|Right ascension||05h 09m 25.9645434784s|
|Declination||+05° 41′ 35.333636817″|
|Redshift||0.3365 ± 0.0010|
|Apparent magnitude (V)||14.78|
|Apparent magnitude (B)||14.95|
|Type||Blazar of BL Lac-type|
|QSO J0509+0541, EGR J0509+0550, 2MASS J05092597+054135, VSOP J0509+0541|
TXS 0506+056 is a very high energy blazar – a quasar with a relativistic jet pointing directly towards Earth – of BL Lac-type. With a redshift of 0.3365 ± 0.0010, it is about 1.75 gigaparsecs (5.7 billion light-years) from Earth. Its approximate location on the sky is off the left shoulder of the constellation Orion. Discovered as a radio source in 1983, the blazar has since been observed across the entire electromagnetic spectrum.
TXS 0506+056 is the first known source of high energy astrophysical neutrinos, identified following the IceCube-170922A neutrino event in an early example of multi-messenger astronomy.[excessive citations] The only astronomical sources previously observed by neutrino detectors were the Sun and supernova 1987A, which were detected decades earlier at much lower neutrino energies.
The object has been detected by numerous astronomical surveys, so has numerous valid source designations. The most commonly used, TXS 0506+056, comes from its inclusion in the Texas Survey of radio sources (standard abbreviation TXS) and its approximate equatorial coordinates in the B1950 equinox used by that survey.
TXS 0506+056 was first discovered as a radio source in 1983. It was identified as an active galaxy in the 1990s, and a possible blazar in the early 2000s. By 2009 it was regarded as a confirmed blazar and catalogued as a BL Lac object. Gamma rays from TXS 0506+056 were detected by the EGRET and Fermi Space Telescope missions.
Radio observations using very-long-baseline interferometry have shown apparent superluminal motion in the blazar's jet. TXS 0506+056 is one of the blazars regularly monitored by the OVRO 40 meter Telescope, so has an almost-continuous radio light curve recorded from 2008 onwards.
The gamma-ray flux from TXS 0506+056 is highly variable, by at least a factor of a thousand, but on average it is in the top 4% of brightest gamma-ray sources on the sky. It is also very bright in radio waves, in the top 1% of sources. Given its distance, this makes TXS 0506+056 one of the most intrinsically powerful BL Lac objects known, particularly in high-energy gamma rays.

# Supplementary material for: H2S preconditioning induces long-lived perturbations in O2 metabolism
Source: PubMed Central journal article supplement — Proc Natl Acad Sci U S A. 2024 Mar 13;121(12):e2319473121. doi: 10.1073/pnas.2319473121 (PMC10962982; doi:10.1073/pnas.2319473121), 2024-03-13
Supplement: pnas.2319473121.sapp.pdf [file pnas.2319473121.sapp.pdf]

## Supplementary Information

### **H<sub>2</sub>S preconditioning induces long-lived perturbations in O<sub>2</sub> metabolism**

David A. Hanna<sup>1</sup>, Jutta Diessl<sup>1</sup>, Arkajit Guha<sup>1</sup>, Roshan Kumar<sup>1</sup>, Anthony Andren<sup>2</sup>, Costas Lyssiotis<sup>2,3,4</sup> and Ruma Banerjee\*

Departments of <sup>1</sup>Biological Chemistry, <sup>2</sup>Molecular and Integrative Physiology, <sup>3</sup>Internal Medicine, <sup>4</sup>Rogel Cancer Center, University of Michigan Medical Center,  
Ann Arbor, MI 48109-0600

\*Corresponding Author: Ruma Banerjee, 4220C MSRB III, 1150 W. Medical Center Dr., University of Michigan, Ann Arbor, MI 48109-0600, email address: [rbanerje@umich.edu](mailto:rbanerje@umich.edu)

On September 22, 2017, the IceCube Neutrino Observatory detected a high energy muon neutrino, dubbed IceCube-170922A. The neutrino carried an energy of ~290 tera–electronvolts (TeV); for comparison, the Large Hadron Collider can generate a maximum energy of 13 TeV. Within one minute of the neutrino detection, IceCube sent an automated alert to astronomers around the world with coordinates to search for a possible source.
A search of this region in the sky, 1.33 degrees across, yielded only one likely source: TXS 0506+056, a previously-known blazar, which was found to be in a flaring state of high gamma ray emission. It was subsequently observed at other wavelengths of light across the electromagnetic spectrum, including radio, infrared, optical, X-rays and gamma-rays. The detection of both neutrinos and light from the same object was an early example of multi-messenger astronomy.
A search of archived neutrino data from IceCube found evidence for an earlier flare of lower-energy neutrinos in 2014-2015 (a form of precovery), which supports identification of the blazar as a source of neutrinos. An independent analysis found no gamma-ray flare during this earlier period of neutrino emission, but supported its association with the blazar. The neutrinos emitted by TXS 0506+056 are six orders of magnitude higher in energy than those from any previously-identified astrophysical neutrino source.
The observations of high energy neutrinos and gamma-rays from this source imply that it is also a source of cosmic rays, because all three should be produced by the same physical processes, though no cosmic rays from TXS 0506+056 have been directly observed. In the blazar, a charged pion was produced by the interaction of a high-energy proton or nucleus (i.e. a cosmic ray) with the radiation field or with matter. The pion then decayed into a lepton and the neutrino. The neutrino interacts only weakly with matter, so it escaped the blazar. Upon reaching Earth, the neutrino interacted with the Antarctic ice to produce a muon, which was observed by the Cherenkov radiation it generated as it moved through the IceCube detector.
- SN 1987A#Neutrino emissions – a burst of neutrinos observed to come from a supernova
- Neutrino astronomy
- GW170817 – the first multi-messenger event involving gravitational waves; occurred five weeks before IceCube-170922A
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- Frankfurt Quasar Monitoring: MG 0509+0541 with finding chart.
- Aladin Lite view of Fermi data centered on TXS 0506+056
- TXS 0506+056 on WikiSky: DSS2, SDSS, GALEX, IRAS, Hydrogen α, X-Ray, Astrophoto, Sky Map, Articles and images